When I was 8 years old, I had an emergency appendectomy in a small county hospital near the summer camp I attended. I have a vague memory of the camp doctor who examined me briefly and decided that I needed surgery, and no memory at all of the doctor who performed the operation.
I do remember, in detail, decades later, the camp nurse who sat by my bedside until the doctor arrived, and the nurses on the children’s ward who brought me 7-Up with a bendable straw, and checked my incision, and told me I would be OK.
I thought of that long ago summer just recently, after a session of the literature and medicine group at my hospital. Several RNs, nurse practitioners, MDs, and hospital administrators meet one evening a month as part of a program sponsored by Mass Humanities to discuss poems, memoirs, essays, stories, and plays related to our work. This particular night, we’d been discussing narratives by two nurses from very different eras — Louisa May Alcott’s “Hospital Sketches” (1863) and Mary Jane Nealon’s “Beautiful Unbroken” (2011). A question came up, as we considered Alcott’s account of caring for the Civil War wounded, and Nealon’s descriptions of treating the homeless and those infected with HIV in the 1980s and 1990s: What’s the difference between a nurse and a doctor?
Fifty years ago this question would have been easy to answer. With few exceptions, nurses were women and doctors men; doctors had many more years of education than nurses; nurses had a more physically intimate relationship with patients, providing enemas, baths, and backrubs, while doctors moved from bed to bed, touching patients only as necessary to make a diagnosis or to assess a patient’s progress.
Nowadays, while more than 90 percent of nurses in the US are women, more than half the entering class at some medical schools are also women; nurses are more likely than ever to earn bachelor’s degrees — or masters or PhDs; and enemas and baths are delegated to assistants. Today, that 7-Up would likely have been handed to me by a food service worker. And nobody gives backrubs anymore.
And yet, our group still felt that there is a fundamental difference between doctors and nurses, one as true today as it was when Alcott was dressing cannon wounds among Union soldiers, and that it has something to do with time — and even more to do with a clinician’s relationship with the patient.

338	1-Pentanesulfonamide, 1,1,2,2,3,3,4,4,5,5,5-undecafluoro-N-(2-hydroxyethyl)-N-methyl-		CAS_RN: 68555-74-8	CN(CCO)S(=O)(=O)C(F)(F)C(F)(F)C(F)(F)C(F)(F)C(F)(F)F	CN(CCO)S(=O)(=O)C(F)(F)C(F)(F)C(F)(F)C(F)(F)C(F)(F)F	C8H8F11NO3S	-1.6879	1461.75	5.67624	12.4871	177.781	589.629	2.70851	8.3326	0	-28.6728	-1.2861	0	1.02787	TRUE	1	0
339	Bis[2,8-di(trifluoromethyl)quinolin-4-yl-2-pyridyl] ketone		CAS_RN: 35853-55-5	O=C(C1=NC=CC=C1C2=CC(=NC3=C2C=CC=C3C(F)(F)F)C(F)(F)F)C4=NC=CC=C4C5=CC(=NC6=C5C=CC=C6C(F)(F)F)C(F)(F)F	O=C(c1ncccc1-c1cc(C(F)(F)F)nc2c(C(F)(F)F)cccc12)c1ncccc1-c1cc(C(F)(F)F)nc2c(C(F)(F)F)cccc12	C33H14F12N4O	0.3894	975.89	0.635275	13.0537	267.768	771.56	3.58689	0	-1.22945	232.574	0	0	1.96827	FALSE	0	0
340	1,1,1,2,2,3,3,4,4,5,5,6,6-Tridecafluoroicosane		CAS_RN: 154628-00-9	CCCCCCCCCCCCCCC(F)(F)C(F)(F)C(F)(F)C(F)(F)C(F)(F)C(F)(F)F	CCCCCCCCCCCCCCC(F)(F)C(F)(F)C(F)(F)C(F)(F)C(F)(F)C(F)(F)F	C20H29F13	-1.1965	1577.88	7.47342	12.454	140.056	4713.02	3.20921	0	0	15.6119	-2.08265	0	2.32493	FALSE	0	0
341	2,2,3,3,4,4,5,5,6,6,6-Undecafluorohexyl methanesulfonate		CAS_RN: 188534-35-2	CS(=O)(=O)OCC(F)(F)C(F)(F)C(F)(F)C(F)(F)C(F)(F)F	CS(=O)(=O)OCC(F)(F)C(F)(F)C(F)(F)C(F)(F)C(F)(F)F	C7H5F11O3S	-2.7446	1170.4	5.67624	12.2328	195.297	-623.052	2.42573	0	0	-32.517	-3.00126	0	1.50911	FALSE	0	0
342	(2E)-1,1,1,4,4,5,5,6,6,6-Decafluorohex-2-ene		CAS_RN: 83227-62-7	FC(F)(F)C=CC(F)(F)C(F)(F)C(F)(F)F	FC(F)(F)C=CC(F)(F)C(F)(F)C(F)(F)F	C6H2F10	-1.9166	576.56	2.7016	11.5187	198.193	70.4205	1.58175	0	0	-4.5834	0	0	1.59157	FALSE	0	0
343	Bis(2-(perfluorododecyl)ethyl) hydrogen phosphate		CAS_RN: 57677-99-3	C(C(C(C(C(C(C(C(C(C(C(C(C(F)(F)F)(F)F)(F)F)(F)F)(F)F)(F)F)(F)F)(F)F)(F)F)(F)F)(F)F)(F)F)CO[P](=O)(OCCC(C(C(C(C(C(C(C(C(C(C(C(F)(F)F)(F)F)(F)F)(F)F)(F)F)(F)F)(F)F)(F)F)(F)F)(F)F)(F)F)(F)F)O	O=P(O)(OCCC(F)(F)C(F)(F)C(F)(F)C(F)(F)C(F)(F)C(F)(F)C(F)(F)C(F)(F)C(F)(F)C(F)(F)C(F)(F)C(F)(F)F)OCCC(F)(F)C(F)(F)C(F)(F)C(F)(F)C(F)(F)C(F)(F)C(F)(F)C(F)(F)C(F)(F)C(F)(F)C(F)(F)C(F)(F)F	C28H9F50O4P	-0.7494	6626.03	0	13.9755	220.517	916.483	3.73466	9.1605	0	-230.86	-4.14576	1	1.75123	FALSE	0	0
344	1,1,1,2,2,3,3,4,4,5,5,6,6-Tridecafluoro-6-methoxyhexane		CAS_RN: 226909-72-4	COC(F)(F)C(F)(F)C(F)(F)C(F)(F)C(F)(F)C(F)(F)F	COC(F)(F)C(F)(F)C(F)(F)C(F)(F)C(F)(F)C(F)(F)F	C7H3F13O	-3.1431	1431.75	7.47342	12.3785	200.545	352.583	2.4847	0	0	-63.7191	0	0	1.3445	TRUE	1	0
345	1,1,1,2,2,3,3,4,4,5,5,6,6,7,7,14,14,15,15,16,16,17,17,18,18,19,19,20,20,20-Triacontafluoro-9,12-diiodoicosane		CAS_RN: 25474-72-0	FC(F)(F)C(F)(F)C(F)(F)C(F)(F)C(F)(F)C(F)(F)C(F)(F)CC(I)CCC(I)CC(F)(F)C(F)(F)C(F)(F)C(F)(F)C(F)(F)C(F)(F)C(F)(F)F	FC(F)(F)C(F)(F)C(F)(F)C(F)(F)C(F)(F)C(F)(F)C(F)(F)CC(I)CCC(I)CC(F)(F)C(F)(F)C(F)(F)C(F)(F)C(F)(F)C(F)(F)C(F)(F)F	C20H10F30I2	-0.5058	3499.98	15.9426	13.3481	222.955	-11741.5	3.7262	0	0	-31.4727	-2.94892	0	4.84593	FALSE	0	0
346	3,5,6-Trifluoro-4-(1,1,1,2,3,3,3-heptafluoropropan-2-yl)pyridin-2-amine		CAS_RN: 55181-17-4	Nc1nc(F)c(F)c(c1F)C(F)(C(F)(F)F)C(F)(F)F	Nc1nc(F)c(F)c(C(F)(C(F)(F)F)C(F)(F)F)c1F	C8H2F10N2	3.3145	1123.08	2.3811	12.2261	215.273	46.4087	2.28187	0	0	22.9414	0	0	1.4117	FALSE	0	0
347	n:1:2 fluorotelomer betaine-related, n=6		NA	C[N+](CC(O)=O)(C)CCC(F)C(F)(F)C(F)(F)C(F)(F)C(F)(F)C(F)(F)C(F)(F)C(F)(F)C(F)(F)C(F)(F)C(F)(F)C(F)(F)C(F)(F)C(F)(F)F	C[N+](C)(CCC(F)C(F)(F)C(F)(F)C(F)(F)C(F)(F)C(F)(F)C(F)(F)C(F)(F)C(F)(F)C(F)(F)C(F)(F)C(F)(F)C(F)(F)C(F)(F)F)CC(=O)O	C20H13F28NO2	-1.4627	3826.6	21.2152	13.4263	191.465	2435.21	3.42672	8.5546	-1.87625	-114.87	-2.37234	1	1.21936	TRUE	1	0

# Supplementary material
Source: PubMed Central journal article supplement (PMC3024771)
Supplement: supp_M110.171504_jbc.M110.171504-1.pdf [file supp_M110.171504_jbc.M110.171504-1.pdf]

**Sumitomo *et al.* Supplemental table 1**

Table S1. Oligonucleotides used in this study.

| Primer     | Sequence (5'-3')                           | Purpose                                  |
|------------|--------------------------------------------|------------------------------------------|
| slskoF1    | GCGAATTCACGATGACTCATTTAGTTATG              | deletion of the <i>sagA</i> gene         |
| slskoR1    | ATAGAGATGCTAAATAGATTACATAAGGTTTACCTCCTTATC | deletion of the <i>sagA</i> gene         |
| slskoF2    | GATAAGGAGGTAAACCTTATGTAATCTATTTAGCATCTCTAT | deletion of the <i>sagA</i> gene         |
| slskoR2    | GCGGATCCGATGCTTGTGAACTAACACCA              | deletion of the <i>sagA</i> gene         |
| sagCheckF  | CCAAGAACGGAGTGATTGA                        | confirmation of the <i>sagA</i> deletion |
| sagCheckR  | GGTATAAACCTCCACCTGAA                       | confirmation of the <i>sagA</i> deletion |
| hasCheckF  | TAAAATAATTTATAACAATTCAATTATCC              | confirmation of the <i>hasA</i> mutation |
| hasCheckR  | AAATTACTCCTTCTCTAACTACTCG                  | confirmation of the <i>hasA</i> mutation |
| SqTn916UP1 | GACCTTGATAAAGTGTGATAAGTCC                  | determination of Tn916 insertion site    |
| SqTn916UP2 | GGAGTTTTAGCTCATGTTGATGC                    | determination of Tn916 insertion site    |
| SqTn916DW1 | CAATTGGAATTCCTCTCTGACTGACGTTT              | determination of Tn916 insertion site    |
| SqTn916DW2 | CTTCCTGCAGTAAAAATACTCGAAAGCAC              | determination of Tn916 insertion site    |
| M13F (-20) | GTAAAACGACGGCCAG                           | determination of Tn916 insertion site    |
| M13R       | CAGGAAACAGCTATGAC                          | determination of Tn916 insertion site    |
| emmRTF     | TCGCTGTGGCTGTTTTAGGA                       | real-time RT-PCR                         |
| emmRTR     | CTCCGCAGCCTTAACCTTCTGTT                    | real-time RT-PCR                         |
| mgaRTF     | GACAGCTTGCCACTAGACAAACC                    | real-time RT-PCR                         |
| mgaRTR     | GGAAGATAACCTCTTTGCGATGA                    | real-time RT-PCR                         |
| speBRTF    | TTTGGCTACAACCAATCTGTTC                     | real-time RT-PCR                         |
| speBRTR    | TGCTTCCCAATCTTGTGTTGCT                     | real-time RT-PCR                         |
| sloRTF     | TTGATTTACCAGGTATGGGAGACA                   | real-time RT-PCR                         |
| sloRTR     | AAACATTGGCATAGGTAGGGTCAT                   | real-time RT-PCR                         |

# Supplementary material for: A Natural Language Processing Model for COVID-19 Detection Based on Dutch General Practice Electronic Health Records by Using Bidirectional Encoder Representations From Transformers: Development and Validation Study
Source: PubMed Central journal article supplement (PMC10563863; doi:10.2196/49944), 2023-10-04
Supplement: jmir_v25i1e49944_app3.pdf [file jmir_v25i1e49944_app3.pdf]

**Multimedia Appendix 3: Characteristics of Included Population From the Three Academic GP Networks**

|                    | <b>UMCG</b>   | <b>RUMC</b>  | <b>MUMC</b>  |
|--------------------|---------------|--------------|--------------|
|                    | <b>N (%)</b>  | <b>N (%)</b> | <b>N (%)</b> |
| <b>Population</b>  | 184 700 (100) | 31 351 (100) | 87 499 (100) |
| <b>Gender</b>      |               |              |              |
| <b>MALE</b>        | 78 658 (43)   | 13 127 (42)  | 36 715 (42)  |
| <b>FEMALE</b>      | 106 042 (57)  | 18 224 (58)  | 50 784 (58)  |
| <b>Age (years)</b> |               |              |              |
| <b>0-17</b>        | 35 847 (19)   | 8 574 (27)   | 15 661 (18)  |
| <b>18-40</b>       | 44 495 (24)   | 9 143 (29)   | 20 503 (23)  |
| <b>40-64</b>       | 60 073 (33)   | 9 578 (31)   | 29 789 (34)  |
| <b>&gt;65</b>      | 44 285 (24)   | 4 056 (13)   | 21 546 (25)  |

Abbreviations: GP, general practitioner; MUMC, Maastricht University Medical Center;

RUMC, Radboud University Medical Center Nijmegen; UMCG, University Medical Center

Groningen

In the hospital, this difference is easier to identify than in a clinic or office practice. Nurses work set shifts — 8, 10, or 12 hours — and are assigned specific patients whom they see frequently during that period. Doctors, on the other hand, visit the patient once, maybe twice a day, usually for a few minutes, often with a team of other doctors and medical students. Doctors also show up when something goes terribly wrong: respiratory distress, high fever, a drop in blood pressure. When a patient rings the call bell because they can’t sleep, or they’re in pain, or frightened, it’s the nurse who appears.
In the hospital, doctors make important, but relatively few decisions, including which medication a patient receives and when they’ll be discharged. Nurses make dozens of decisions that come up each shift about every possible aspect of a patient’s care: whether a patient’s condition is deteriorating, whether to administer an “as needed” medication, when to evict a disruptive visitor.
As I learned after my appendectomy, and relearned again years later when various family members were hospitalized, nurses spend more time with patients and address, much more closely than doctors do, a patient’s actual experience of illness. In the hospital, doctors deal in critical, but — for the patient — relatively abstract issues. The idea that a patient has a particular infection and needs a certain antibiotic is formulated by the doctor. But the nurse plunges the drug into the patient’s veins and monitors the breaking of the fever.
In an outpatient practice such as mine, the distinction between doctors’ and nurses’ roles can be more subtle. Nurse practitioners, who have both bachelors and masters degrees plus special certification, prescribe medication, perform physical exams, and act in many ways indistinguishable from doctors. Outpatient RNs, such as those with whom I work, may find themselves on the phone with patients all day doing “triage” — that is, deciding who needs to come in to the office, who needs to go to the emergency room, and who’s better off staying home — while doctors have more actual physical contact with the patients.
And yet, even when the traditional roles seem to be at least partially reversed, I see a clear distinction between the nurse and the doctor.
Not long ago, a patient of mine who takes anticoagulants saw blood in his urine. It’s an upsetting symptom, one that raised several disturbing questions for the patient: When would the bleeding stop? What did it mean? Did he really need to be on this potentially dangerous medication? Did anybody care that he was bleeding?
The nurse with whom I work talked him through these concerns and — any nurse will tell you this is part of the job — calmly listened to him express the fear and anger he wouldn’t reveal so readily to his doctor.
By the time I saw him, the patient still had questions, but he didn’t feel quite as upset as he had before speaking with the nurse. She had acted as the intermediary between his experience (bleeding, frustration) and my agenda (his need for anticoagulation). Perhaps this is as good a definition as any for what a nurse does.
One of the nurse practitioners in our literature group offered a slightly different one: She was struck, years ago, while working in the emergency room, that when a foul smell wafted from one of the patient rooms, the doctors scurried past it, while the nurses threw aside the curtain and rushed in.